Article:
If you are catching up, it has been a fairly busy week at Canes and Coffee with nightly updates on the constantly changing roster situation early in the week. The detailed analysis of the final moves and roster is HERE.
In addition, the opener today bookends a series of 2016-17 Carolina Hurricanes season preview articles started on Wednesday and to continue on Friday.
The final parts of the season preview will post on Friday to finish out a busy Canes hockey week.
Expected Hurricanes line combinations
For final lines, people will need to check in after the morning skate, as there are a couple question marks coming out of practice this week, but it should look something like:
Frk and Di Giuseppe are the extra forwards either of whom could slot onto the fourth line.
Nakladal is expected on Sunday. Dahlbeck is available, but my wild guess is that McKeown gets this first game before heading to Charlotte.
Seeking carry over from 2015-16
On the brink of game 1 of the 2016-17 season, my focus early in the season will be on important carry overs from the 2015-16. Casual outside observers might quickly classify the Hurricanes as just another draft lottery team with a very long way to go to be competitive. But those who watched more closely know that for about half of the season (37 games from early December through late February before the trade deadline), the Carolina Hurricanes were a good hockey team that played at a >100-point pace. The key drivers of that run were stellar play by Jordan Staal and his line, improved goalie play, a surge by Jeff Skinner, strong play and chemistry across 3 lines and fast maturation by the young defensemen.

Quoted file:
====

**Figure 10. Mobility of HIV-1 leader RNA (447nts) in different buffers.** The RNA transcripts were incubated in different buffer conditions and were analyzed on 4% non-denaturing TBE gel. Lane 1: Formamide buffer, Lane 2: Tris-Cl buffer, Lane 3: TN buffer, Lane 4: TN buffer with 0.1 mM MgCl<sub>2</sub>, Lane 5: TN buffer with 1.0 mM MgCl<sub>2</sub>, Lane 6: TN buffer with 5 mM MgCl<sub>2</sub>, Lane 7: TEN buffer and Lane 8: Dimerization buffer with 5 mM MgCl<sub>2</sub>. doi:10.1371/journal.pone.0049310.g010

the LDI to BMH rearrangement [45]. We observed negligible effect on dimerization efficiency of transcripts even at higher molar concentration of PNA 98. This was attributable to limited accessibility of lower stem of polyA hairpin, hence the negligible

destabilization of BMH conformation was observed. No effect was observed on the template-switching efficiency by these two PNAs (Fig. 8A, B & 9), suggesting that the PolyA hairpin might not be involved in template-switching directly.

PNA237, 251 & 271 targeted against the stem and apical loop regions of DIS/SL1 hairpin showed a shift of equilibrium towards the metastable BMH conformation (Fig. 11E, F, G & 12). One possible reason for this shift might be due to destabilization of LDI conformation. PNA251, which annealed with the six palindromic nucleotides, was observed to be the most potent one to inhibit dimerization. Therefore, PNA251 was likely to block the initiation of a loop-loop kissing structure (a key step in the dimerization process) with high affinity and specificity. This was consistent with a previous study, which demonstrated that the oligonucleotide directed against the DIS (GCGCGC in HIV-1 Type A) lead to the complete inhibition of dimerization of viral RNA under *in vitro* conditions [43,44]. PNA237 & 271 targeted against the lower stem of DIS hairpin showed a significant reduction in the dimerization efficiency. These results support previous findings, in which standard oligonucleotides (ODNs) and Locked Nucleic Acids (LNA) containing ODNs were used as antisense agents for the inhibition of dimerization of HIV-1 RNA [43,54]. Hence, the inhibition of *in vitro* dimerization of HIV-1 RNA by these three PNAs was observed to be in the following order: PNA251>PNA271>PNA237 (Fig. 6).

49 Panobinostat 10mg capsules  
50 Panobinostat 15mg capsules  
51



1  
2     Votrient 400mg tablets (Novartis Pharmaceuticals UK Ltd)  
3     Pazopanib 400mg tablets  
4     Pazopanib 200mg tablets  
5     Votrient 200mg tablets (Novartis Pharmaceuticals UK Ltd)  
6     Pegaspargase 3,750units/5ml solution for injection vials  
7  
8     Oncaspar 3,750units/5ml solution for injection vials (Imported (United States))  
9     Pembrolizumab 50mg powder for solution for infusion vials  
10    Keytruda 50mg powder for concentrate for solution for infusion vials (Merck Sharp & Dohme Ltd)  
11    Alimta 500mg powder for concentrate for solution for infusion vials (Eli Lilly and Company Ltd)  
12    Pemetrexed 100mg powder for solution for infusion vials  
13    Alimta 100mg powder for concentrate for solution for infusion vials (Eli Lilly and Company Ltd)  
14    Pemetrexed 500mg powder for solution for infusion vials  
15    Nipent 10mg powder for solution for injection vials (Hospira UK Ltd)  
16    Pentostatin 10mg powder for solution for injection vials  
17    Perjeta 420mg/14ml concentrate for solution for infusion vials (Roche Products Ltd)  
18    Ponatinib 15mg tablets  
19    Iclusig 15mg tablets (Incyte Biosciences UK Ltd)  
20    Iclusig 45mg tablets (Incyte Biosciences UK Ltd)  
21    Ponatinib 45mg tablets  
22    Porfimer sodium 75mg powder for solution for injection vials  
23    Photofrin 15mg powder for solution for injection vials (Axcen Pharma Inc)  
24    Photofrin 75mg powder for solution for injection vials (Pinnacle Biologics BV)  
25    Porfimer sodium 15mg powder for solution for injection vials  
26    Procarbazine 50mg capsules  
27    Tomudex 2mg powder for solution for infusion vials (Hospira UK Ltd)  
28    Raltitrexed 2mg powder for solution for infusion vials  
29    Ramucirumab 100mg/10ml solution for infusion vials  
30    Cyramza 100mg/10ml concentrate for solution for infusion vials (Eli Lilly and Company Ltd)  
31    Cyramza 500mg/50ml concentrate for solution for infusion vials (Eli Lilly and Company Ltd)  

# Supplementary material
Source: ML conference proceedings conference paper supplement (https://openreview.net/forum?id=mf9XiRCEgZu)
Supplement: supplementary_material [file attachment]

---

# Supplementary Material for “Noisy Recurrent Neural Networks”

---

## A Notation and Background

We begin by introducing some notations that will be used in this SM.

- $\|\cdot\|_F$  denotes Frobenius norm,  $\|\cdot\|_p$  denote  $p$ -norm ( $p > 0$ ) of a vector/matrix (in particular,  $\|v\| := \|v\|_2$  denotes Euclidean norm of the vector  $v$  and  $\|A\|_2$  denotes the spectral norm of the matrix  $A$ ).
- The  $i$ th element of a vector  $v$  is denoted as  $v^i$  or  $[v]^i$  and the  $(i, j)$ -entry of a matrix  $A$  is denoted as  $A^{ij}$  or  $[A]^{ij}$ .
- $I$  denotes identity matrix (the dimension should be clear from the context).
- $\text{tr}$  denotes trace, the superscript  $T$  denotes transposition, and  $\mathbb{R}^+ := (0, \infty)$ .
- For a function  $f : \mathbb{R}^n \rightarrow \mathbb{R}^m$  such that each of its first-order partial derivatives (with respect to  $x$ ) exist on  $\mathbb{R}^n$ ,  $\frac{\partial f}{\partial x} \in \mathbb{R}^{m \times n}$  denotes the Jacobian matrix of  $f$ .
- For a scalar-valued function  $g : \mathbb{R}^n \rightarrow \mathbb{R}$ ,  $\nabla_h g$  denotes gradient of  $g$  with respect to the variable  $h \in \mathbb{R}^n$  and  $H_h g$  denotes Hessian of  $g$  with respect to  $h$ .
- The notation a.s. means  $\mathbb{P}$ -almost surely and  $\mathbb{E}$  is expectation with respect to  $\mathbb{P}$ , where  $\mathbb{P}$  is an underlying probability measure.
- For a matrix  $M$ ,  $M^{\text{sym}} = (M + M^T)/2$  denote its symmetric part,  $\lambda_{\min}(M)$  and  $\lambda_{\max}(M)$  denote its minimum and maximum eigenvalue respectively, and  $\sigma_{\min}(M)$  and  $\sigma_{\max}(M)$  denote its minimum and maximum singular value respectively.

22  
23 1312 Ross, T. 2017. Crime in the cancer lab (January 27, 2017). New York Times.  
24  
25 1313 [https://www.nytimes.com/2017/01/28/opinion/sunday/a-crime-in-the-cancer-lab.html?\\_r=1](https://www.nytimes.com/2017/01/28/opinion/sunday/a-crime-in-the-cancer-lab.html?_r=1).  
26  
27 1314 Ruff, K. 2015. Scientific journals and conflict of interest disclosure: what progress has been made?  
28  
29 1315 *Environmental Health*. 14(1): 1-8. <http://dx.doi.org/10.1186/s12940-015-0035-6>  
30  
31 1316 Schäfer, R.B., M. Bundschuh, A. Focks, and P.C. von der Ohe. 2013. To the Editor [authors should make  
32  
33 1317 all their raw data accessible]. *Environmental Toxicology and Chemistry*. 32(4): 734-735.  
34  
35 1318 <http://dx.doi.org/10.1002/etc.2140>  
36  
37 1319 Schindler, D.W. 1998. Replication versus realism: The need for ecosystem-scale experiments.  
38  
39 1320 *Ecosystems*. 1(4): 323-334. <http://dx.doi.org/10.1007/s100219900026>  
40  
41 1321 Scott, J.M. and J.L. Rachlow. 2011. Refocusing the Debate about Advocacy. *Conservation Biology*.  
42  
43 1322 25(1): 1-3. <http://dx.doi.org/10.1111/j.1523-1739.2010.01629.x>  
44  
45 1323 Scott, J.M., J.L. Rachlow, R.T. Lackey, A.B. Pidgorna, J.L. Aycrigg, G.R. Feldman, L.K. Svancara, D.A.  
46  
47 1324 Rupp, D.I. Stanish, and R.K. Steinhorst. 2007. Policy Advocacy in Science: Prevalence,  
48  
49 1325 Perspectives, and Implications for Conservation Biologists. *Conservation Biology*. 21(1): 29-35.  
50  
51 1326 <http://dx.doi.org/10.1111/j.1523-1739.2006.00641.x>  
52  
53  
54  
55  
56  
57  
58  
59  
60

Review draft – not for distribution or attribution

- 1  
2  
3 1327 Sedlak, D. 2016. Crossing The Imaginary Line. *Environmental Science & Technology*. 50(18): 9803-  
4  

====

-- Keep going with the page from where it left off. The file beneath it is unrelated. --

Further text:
With a bunch of moving parts in terms of new players and young players stepping up into new, bigger roles, my early season watch points will be heavy how much the core strengths of the December-February 2016 team can be pulled into the 2016-17 season and used as an early foundation.
‘What I’m watching’
1) Jordan Staal’s line
With a bunch of moving parts at forward, I think it is critical that Jordan Staal and his line play like they did during the good stretch in 2015-16. This gives Coach Bill Peters a steady and stable every third shift option, and importantly the Staal line’s ability to drive possession into the offensive zone can sometimes tilt the ice for multiple shifts. Jordan Staal needs to be 1 of the Hurricanes 2-3 best players all season, and it needs to happen right out of the gate for the Hurricanes to get their feet under them and get out of the gate with a good start on the road.
2) Cam Ward
Both Cam Ward and Eddie Lack had reasonably strong preseasons. As I said multiple times during the course of training camp, I think carry over from preseason regular season is almost nothing for goalies. One of the downfalls of the Hurricanes early in the 2015-16 was shoddy netminding. The team in total was not great, but neither goalie had any kind of answer to help. Ward started slow as he has in recent years, and Lack struggled mightily early on trying to transition to a new team and goaltending coach. Lack never really found an extended groove but did get his feet under him, and Ward provided steady and generally solid play during the strong winter run. Despite below average goaltending in total for 2015-16, Ron Francis decided to go back to the same duo despite having an open spot with Cam Ward’s contract expiration. That decision could prove to be the most significant decision that Francis made this past summer as far as impacting the 2016-17 season.